But presently catching sight of the still smoking embers of the Ion school-house, he drew rein for an instant with a sudden exclamation of surprise and regret. “The wretches, what will they do next? burn our houses about our ears?” and sighing, he pursued his way.
Indignant anger, and tender pity and compassion filled his breast by turns, on reaching the quarter and discovering the state of things there; worse even than Park’s report had made it.
He rode from cabin to cabin inquiring into the condition of the inmates and speaking words of pity and of hope.
Finding several badly bruised and cut, and others suffering from gunshot wounds, he sent to the house for lint, salve and bandages, and directed a lad to run to the stables, saddle a horse; and go immediately for Dr. Barton.
“De doctah ober to Ion now, sah,” returned the boy, “debbils dore las’ night, too, sah.”
“Run over to Ion, then, and ask the doctor to come here when he is through there,” said Mr. Leland.
Mr. Travilla came with the doctor and the two planters compared notes, in regard to damages, Mr. Leland also telling the story of the coffin laid at his door.
“What do you intend doing?” asked Mr. Travilla.
“Inclination says, ‘Stay and brave it out;’ but I have not yet fully decided. I have invested all my means in this enterprise, and have a wife and family of helpless little ones to support.”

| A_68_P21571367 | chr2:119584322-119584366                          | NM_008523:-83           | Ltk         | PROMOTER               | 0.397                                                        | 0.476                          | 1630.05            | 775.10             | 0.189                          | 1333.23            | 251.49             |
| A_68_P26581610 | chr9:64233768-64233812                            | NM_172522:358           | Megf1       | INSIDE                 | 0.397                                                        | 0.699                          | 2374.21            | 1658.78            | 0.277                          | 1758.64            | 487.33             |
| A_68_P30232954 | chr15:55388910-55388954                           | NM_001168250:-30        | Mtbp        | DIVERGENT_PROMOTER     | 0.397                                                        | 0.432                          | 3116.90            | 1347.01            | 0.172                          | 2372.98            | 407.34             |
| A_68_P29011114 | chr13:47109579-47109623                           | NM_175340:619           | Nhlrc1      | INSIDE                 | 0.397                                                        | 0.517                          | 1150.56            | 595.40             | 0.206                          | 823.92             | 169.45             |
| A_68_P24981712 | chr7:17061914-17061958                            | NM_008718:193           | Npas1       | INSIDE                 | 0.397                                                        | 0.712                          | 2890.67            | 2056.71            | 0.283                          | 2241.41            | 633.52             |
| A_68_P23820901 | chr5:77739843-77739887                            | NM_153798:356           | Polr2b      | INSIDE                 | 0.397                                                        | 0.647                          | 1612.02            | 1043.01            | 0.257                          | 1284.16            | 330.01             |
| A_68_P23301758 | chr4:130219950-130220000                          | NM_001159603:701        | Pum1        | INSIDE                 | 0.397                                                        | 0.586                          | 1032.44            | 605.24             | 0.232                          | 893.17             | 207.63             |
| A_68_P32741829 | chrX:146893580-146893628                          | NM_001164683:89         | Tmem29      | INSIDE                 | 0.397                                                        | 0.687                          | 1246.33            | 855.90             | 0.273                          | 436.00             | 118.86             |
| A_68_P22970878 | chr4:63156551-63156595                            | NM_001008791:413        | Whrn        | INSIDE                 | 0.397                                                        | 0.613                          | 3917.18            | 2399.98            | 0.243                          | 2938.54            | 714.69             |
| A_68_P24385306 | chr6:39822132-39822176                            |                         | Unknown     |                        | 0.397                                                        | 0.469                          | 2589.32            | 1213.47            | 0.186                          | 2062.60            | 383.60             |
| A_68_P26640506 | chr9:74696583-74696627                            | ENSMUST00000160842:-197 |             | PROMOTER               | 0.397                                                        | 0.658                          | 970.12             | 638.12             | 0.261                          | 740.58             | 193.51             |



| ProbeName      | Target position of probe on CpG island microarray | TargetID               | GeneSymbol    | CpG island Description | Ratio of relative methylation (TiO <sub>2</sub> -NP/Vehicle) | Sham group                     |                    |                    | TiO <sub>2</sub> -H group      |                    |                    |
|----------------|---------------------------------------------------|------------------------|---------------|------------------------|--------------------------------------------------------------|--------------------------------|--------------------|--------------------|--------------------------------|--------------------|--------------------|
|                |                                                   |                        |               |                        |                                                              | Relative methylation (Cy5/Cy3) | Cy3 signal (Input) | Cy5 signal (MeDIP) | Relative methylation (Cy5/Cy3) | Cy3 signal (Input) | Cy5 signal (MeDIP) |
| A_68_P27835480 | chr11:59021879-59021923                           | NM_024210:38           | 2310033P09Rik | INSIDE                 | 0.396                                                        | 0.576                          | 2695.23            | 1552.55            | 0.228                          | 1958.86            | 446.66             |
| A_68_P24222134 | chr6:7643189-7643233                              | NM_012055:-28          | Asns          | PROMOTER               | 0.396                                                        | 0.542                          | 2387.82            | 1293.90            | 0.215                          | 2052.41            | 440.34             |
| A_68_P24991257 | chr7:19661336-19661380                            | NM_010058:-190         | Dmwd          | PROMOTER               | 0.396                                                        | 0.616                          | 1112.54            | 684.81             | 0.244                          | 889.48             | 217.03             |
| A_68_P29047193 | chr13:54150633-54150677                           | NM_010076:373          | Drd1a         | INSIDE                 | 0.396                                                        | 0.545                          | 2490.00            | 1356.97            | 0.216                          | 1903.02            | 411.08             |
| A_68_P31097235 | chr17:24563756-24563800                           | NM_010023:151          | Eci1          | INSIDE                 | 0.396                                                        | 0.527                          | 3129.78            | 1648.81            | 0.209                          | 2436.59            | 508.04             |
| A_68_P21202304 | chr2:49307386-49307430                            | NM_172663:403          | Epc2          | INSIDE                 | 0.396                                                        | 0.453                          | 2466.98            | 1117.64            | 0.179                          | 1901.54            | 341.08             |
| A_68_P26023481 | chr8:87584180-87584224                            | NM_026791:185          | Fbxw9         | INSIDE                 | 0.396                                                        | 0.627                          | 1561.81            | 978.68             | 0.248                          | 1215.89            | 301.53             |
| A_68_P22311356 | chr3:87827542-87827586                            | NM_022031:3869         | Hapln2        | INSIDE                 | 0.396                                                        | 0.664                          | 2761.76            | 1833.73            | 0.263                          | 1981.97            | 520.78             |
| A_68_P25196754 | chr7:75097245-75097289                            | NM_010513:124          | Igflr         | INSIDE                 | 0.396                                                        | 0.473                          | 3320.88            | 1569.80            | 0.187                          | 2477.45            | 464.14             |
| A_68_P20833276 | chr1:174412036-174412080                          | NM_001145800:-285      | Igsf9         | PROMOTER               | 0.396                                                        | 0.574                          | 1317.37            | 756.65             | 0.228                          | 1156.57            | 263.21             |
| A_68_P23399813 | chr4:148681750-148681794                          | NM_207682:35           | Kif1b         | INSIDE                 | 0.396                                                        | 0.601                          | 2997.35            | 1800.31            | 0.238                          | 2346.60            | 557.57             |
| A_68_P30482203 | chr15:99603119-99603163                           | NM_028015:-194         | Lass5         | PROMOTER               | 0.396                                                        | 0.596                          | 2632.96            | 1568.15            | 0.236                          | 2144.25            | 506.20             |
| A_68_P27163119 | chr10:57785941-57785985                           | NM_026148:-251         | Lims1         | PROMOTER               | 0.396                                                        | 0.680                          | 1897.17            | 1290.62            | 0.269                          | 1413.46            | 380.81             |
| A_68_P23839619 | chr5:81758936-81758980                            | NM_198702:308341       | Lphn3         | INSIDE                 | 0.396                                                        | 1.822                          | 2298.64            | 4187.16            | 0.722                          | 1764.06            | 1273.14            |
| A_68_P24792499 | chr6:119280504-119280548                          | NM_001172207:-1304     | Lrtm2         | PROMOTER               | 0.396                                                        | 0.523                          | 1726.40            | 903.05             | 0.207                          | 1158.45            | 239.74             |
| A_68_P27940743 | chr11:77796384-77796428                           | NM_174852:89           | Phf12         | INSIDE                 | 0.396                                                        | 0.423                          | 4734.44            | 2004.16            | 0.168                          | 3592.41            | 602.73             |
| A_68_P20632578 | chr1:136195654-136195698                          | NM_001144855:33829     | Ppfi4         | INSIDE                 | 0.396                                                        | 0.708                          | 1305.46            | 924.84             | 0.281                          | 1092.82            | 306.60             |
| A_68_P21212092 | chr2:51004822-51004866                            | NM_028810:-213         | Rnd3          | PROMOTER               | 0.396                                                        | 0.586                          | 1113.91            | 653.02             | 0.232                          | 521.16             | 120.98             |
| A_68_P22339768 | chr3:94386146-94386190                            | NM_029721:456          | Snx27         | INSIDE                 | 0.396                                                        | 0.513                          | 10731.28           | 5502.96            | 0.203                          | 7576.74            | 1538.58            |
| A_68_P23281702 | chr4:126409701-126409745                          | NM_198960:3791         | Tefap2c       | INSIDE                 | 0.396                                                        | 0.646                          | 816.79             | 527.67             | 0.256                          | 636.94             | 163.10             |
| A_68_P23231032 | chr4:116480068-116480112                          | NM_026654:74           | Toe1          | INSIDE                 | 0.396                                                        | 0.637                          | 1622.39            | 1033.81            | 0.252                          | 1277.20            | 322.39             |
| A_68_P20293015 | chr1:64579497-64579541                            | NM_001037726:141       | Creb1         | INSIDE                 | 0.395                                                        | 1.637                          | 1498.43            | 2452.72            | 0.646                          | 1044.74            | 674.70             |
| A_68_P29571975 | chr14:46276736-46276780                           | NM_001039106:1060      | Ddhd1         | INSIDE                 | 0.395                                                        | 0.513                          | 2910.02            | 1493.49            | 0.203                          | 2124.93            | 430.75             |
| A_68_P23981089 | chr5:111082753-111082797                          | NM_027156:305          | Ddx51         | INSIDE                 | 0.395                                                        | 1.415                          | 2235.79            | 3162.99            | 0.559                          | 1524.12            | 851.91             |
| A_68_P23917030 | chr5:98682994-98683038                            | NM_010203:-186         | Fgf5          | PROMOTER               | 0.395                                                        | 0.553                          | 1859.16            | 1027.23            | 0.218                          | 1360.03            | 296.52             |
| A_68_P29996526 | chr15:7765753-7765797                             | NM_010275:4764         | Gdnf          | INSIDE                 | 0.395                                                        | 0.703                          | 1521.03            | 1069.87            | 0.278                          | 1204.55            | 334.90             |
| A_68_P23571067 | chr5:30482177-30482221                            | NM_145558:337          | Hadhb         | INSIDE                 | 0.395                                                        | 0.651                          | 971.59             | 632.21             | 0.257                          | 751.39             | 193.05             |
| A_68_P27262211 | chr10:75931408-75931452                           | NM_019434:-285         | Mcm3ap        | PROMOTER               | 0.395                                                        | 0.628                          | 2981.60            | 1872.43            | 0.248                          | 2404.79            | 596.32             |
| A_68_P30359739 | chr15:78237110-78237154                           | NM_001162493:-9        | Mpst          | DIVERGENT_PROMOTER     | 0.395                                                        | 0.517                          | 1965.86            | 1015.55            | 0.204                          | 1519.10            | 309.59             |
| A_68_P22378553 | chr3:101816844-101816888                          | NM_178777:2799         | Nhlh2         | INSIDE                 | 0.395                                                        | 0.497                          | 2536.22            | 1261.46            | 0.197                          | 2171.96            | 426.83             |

“That makes it hard indeed; yet I fear your life is in great danger. But come what may, Leland, I stand your friend. If you should be attacked, fly to Ion; you will find an open door, a hearty welcome, and such protection as I am able to give. I think we could conceal you so that it would be a matter of difficulty for your foes to find you.”
“A thousand thanks! God bless you for your kindness, sir!” exclaimed Leland, with emotion, warmly grasping the hand held out to him; and the two parted, each wending his homeward way.
And not proud reason, keeps the door of heaven;
Love finds admission, where proud science fails.”
Elsie was on the veranda looking for her husband’s return to breakfast; for it was already past the usual hour.
“All alone, little wife?” he asked as he dismounted and came up the steps.
“Not now,” she answered, putting her arms about his neck and looking up at him with her own fond, beautiful smile. “But your face is sad, my husband! What news?”
“Sad enough, my little friend; poor old Uncle Mose has been so barbarously handled that he cannot live through the day, Dr. Barton says: and two of the others are suffering very much.”
Elsie’s eyes were full. “Does Uncle Mose know it?” she asked.
“Yes, I told him, as tenderly as I could, and asked if he was ready to go. ‘Yes, Mars Edard,’ he said, with a triumphant smile, ’for I’se got fast hold ob Jesus.’”